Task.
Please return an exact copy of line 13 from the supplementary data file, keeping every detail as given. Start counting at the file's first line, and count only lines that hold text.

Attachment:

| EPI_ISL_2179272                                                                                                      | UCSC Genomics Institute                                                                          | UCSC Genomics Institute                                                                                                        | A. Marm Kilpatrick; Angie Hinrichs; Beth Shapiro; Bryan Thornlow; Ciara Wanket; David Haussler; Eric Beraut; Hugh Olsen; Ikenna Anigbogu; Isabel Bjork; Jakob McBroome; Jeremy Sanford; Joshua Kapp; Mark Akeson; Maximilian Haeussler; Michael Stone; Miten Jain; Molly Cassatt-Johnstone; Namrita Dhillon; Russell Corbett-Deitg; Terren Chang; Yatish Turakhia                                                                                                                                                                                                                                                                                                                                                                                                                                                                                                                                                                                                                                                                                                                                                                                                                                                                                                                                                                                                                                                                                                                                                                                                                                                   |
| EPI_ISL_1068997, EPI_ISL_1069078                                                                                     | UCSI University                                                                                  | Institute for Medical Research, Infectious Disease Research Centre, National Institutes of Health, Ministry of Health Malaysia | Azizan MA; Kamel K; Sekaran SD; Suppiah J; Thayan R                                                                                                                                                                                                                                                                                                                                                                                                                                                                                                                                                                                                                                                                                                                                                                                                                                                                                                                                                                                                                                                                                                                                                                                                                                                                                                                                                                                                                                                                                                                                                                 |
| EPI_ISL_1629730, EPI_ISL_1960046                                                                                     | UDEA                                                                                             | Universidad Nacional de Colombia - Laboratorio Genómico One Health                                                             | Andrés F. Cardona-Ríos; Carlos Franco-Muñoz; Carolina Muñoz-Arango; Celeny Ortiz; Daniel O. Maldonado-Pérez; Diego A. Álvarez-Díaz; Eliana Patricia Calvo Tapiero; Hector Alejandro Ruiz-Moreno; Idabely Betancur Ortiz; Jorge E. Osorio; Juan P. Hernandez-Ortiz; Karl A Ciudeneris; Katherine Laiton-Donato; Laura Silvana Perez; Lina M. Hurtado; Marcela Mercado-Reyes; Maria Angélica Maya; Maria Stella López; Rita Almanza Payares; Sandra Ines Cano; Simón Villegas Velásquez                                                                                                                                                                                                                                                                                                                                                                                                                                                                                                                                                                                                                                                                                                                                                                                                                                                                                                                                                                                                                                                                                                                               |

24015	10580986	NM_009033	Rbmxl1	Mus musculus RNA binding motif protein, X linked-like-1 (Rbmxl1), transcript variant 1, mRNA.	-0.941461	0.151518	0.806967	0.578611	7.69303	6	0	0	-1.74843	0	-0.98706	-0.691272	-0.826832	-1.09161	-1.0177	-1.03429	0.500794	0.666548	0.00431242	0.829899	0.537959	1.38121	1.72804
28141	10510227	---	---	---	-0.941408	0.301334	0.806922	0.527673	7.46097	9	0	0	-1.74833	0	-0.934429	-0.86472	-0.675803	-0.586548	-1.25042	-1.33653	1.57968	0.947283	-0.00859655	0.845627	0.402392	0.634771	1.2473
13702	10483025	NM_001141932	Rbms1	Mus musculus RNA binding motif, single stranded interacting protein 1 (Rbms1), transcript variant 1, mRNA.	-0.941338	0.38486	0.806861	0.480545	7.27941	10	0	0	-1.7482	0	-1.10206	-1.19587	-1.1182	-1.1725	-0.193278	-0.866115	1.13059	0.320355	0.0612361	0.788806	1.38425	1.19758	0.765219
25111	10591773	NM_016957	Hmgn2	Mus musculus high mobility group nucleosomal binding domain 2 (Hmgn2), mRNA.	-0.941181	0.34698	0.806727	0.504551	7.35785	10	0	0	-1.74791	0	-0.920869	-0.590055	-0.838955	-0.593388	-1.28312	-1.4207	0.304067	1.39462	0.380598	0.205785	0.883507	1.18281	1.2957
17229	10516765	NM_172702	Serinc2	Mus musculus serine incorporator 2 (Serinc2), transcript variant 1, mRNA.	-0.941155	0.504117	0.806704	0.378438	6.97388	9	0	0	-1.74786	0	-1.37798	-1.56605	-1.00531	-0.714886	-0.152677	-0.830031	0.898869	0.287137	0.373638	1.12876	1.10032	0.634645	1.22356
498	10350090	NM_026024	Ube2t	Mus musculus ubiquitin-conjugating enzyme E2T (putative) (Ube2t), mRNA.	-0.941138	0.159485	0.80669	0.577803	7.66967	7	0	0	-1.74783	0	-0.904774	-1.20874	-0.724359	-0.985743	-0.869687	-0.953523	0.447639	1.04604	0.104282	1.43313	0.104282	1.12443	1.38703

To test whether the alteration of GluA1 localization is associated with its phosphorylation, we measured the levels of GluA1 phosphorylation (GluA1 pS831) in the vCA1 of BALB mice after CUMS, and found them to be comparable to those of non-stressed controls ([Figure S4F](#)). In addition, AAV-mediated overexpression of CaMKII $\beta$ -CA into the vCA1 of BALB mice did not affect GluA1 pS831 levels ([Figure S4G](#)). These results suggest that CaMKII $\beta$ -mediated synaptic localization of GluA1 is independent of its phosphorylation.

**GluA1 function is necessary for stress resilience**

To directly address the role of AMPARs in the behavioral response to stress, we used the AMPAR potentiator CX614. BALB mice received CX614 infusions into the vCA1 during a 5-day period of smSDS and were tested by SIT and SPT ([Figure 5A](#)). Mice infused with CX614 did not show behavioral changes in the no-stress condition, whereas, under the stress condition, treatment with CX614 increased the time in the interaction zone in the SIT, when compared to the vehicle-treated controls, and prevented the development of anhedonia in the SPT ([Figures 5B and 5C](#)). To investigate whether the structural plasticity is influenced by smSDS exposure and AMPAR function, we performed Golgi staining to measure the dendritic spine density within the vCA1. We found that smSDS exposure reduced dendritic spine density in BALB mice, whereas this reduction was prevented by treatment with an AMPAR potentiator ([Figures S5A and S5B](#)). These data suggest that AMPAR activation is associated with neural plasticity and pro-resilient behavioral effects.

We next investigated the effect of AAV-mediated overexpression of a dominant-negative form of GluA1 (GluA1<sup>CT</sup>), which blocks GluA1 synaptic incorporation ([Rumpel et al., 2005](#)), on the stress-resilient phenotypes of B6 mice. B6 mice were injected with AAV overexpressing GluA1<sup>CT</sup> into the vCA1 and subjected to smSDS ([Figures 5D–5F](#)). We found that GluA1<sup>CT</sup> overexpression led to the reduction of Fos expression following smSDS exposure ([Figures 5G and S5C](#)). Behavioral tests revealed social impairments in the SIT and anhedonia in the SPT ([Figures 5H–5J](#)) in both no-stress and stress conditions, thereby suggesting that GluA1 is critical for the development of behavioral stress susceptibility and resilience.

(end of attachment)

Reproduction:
We next investigated the effect of AAV-mediated overexpression of a dominant-negative form of GluA1 (GluA1<sup>CT</sup>), which blocks GluA1 synaptic incorporation ([Rumpel et al., 2005](#)), on the stress-resilient phenotypes of B6 mice. B6 mice were injected with AAV overexpressing GluA1<sup>CT</sup> into the vCA1 and subjected to smSDS ([Figures 5D–5F](#)). We found that GluA1<sup>CT</sup> overexpression led to the reduction of Fos expression following smSDS exposure ([Figures 5G and S5C](#)). Behavioral tests revealed social impairments in the SIT and anhedonia in the SPT ([Figures 5H–5J](#)) in both no-stress and stress conditions, thereby suggesting that GluA1 is critical for the development of behavioral stress susceptibility and resilience.